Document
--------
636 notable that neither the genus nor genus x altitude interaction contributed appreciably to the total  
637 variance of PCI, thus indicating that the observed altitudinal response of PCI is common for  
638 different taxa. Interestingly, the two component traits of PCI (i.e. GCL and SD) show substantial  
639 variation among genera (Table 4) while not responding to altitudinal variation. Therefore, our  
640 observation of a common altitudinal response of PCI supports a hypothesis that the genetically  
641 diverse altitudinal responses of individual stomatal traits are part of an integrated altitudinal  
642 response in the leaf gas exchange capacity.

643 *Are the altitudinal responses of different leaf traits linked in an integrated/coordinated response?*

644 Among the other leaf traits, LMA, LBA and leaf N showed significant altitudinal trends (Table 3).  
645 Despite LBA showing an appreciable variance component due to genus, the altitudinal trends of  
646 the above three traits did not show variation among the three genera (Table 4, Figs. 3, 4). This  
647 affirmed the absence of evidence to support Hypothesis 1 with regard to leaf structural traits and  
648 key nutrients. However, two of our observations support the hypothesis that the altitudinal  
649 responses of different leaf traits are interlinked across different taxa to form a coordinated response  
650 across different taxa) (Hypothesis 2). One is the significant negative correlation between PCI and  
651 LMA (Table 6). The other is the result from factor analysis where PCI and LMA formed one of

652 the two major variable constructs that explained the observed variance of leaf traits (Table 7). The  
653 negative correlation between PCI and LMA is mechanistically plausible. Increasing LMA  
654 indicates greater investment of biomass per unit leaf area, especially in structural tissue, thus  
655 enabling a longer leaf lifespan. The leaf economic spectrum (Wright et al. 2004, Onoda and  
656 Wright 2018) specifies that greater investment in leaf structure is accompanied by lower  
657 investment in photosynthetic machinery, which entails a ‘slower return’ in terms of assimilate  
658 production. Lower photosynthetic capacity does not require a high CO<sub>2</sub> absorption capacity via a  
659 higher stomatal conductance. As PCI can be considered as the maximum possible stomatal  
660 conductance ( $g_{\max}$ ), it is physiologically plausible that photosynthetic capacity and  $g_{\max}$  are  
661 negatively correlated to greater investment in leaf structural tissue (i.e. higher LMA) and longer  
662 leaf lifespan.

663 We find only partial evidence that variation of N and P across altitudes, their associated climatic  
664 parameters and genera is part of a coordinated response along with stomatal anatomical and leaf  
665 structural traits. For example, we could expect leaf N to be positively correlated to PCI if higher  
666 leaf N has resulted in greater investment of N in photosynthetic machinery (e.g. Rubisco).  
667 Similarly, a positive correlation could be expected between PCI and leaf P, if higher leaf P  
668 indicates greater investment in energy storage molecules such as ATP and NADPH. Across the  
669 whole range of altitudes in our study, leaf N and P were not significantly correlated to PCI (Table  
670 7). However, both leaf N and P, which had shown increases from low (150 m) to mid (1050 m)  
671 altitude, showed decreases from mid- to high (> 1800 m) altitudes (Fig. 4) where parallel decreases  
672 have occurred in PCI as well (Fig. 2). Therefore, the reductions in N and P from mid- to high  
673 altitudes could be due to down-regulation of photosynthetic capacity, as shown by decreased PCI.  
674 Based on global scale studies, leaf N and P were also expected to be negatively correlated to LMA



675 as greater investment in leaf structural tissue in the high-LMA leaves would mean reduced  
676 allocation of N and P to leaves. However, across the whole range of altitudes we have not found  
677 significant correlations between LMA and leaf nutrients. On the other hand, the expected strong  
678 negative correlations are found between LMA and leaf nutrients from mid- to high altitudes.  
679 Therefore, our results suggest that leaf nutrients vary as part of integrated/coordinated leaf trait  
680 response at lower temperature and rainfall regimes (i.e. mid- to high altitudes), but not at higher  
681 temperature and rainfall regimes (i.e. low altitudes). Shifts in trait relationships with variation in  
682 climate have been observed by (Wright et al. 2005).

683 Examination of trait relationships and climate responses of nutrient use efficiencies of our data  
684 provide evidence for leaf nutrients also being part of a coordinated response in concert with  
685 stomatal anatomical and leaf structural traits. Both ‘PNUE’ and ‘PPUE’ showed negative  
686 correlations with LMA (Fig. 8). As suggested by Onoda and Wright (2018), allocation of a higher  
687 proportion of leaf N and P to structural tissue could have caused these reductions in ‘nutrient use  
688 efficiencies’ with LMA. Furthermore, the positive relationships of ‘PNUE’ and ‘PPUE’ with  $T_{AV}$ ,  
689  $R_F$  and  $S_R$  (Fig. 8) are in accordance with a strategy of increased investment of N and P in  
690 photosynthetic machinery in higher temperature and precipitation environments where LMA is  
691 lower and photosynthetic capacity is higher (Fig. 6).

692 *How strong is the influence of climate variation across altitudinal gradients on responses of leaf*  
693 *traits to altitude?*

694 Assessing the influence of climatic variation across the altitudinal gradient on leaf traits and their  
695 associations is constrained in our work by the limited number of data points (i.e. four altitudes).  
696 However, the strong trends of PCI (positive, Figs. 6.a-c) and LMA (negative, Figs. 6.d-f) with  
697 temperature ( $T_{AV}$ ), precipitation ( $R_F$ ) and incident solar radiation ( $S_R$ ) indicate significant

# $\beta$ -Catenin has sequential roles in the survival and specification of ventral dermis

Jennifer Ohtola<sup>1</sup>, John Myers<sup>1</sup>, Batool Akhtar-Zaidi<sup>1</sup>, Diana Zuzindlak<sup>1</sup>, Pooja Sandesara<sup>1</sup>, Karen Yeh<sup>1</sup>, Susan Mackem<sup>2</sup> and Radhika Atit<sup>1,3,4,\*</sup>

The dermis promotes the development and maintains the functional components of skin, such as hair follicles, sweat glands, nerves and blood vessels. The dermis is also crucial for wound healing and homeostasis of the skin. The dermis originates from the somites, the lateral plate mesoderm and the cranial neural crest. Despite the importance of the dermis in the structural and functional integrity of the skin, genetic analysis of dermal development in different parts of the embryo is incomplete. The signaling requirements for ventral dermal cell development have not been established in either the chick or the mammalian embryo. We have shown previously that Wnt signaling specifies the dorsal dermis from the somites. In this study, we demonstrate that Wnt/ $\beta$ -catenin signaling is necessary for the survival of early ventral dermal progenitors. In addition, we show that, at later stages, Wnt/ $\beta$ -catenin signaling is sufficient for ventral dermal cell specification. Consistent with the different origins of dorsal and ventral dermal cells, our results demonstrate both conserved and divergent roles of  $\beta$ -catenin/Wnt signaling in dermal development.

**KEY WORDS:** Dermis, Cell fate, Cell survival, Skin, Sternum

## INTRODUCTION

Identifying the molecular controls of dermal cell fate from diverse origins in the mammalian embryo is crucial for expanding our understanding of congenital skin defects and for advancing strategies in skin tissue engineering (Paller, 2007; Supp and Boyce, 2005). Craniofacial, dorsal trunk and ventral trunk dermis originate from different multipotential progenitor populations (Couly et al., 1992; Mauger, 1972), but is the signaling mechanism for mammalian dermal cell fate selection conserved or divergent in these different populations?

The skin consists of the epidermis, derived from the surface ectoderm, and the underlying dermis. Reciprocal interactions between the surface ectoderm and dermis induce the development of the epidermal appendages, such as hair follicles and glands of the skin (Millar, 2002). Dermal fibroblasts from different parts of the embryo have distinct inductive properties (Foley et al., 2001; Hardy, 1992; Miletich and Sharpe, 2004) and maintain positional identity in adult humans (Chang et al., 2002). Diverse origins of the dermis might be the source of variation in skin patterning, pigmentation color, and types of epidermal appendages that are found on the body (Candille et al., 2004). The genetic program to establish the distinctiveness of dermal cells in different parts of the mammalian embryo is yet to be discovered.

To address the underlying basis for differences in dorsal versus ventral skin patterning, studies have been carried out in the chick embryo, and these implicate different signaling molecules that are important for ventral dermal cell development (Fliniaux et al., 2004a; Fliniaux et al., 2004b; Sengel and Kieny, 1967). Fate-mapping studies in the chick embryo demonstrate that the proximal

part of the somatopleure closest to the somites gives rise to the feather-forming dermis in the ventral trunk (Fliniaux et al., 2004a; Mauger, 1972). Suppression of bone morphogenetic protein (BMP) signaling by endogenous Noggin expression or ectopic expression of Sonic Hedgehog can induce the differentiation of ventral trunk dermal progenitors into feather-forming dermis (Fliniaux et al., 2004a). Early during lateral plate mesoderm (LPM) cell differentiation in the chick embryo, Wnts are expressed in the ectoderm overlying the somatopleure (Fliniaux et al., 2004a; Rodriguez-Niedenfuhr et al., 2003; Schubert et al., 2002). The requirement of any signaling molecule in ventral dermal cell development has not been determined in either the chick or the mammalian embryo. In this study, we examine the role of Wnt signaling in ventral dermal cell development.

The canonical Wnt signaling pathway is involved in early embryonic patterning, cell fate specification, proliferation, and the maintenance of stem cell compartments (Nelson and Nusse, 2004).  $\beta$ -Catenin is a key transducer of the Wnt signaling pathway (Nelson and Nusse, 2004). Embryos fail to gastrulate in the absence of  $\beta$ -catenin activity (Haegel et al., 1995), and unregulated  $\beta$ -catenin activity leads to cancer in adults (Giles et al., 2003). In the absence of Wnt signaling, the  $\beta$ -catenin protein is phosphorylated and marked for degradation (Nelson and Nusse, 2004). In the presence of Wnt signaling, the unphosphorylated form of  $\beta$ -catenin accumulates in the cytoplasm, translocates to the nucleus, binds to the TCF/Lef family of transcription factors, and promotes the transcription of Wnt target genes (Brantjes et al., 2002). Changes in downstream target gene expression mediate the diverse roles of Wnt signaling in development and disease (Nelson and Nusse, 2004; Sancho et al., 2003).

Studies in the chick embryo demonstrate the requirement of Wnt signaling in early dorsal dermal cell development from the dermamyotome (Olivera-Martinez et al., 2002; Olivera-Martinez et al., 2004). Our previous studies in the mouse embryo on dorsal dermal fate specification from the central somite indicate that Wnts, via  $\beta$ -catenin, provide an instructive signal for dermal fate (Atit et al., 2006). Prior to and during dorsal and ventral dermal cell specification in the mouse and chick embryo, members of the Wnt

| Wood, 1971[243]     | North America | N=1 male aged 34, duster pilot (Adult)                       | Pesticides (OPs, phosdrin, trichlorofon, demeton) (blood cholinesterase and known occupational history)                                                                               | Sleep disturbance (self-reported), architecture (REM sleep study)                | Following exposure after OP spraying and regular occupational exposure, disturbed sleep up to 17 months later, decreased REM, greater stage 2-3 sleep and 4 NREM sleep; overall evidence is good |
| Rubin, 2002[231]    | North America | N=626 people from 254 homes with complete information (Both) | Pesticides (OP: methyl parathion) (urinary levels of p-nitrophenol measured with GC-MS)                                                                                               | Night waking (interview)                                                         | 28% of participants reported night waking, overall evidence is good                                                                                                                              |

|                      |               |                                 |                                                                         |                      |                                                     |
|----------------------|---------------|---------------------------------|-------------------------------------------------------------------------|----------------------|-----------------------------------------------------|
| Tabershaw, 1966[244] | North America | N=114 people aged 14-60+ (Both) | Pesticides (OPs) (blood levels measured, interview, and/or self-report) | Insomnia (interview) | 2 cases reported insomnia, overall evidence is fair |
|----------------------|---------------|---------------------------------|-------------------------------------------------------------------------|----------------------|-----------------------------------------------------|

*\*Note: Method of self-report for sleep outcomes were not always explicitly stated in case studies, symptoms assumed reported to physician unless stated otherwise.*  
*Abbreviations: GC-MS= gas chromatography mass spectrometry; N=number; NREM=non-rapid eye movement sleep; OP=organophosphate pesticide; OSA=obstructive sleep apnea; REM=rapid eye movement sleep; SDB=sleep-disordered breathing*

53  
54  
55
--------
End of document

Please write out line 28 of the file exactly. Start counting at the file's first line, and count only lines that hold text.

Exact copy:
663 We find only partial evidence that variation of N and P across altitudes, their associated climatic  